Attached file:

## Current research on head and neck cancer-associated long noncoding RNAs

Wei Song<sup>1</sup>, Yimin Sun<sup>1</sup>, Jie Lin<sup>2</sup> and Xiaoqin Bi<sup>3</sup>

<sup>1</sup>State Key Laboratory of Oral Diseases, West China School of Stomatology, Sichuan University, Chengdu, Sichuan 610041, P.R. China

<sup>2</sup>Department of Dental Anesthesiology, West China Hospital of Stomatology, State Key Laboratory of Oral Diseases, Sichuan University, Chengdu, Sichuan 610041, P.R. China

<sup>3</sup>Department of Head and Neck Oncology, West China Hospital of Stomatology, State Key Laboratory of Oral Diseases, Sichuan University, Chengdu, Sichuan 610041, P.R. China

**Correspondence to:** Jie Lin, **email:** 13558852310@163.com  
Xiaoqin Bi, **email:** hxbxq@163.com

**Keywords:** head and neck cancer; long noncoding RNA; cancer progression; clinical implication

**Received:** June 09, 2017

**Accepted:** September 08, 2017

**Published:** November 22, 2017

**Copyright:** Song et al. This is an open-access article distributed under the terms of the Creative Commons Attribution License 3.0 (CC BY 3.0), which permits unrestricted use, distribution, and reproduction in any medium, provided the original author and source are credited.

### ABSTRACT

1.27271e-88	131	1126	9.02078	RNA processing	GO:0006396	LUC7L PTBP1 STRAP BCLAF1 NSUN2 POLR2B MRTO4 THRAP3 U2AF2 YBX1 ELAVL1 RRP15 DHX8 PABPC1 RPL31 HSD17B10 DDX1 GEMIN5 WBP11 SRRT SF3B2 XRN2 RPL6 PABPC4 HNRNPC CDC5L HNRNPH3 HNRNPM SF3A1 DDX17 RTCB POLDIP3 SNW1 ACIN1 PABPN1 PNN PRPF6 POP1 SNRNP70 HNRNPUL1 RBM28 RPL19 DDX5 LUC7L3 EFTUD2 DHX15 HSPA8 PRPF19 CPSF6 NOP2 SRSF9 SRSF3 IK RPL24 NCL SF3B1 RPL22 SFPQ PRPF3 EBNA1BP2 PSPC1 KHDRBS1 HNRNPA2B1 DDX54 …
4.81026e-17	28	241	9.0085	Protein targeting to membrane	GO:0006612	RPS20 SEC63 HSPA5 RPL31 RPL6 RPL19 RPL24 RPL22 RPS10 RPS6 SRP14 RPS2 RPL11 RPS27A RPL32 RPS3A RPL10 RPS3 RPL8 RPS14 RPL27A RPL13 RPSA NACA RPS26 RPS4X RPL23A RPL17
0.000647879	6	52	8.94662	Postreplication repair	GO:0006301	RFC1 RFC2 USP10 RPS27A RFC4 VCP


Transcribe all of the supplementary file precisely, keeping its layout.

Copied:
## Current research on head and neck cancer-associated long noncoding RNAs

Wei Song<sup>1</sup>, Yimin Sun<sup>1</sup>, Jie Lin<sup>2</sup> and Xiaoqin Bi<sup>3</sup>

<sup>1</sup>State Key Laboratory of Oral Diseases, West China School of Stomatology, Sichuan University, Chengdu, Sichuan 610041, P.R. China

<sup>2</sup>Department of Dental Anesthesiology, West China Hospital of Stomatology, State Key Laboratory of Oral Diseases, Sichuan University, Chengdu, Sichuan 610041, P.R. China

<sup>3</sup>Department of Head and Neck Oncology, West China Hospital of Stomatology, State Key Laboratory of Oral Diseases, Sichuan University, Chengdu, Sichuan 610041, P.R. China

**Correspondence to:** Jie Lin, **email:** 13558852310@163.com  
Xiaoqin Bi, **email:** hxbxq@163.com

**Keywords:** head and neck cancer; long noncoding RNA; cancer progression; clinical implication

**Received:** June 09, 2017

**Accepted:** September 08, 2017

**Published:** November 22, 2017

**Copyright:** Song et al. This is an open-access article distributed under the terms of the Creative Commons Attribution License 3.0 (CC BY 3.0), which permits unrestricted use, distribution, and reproduction in any medium, provided the original author and source are credited.

### ABSTRACT

1.27271e-88	131	1126	9.02078	RNA processing	GO:0006396	LUC7L PTBP1 STRAP BCLAF1 NSUN2 POLR2B MRTO4 THRAP3 U2AF2 YBX1 ELAVL1 RRP15 DHX8 PABPC1 RPL31 HSD17B10 DDX1 GEMIN5 WBP11 SRRT SF3B2 XRN2 RPL6 PABPC4 HNRNPC CDC5L HNRNPH3 HNRNPM SF3A1 DDX17 RTCB POLDIP3 SNW1 ACIN1 PABPN1 PNN PRPF6 POP1 SNRNP70 HNRNPUL1 RBM28 RPL19 DDX5 LUC7L3 EFTUD2 DHX15 HSPA8 PRPF19 CPSF6 NOP2 SRSF9 SRSF3 IK RPL24 NCL SF3B1 RPL22 SFPQ PRPF3 EBNA1BP2 PSPC1 KHDRBS1 HNRNPA2B1 DDX54 …
4.81026e-17	28	241	9.0085	Protein targeting to membrane	GO:0006612	RPS20 SEC63 HSPA5 RPL31 RPL6 RPL19 RPL24 RPL22 RPS10 RPS6 SRP14 RPS2 RPL11 RPS27A RPL32 RPS3A RPL10 RPS3 RPL8 RPS14 RPL27A RPL13 RPSA NACA RPS26 RPS4X RPL23A RPL17
0.000647879	6	52	8.94662	Postreplication repair	GO:0006301	RFC1 RFC2 USP10 RPS27A RFC4 VCP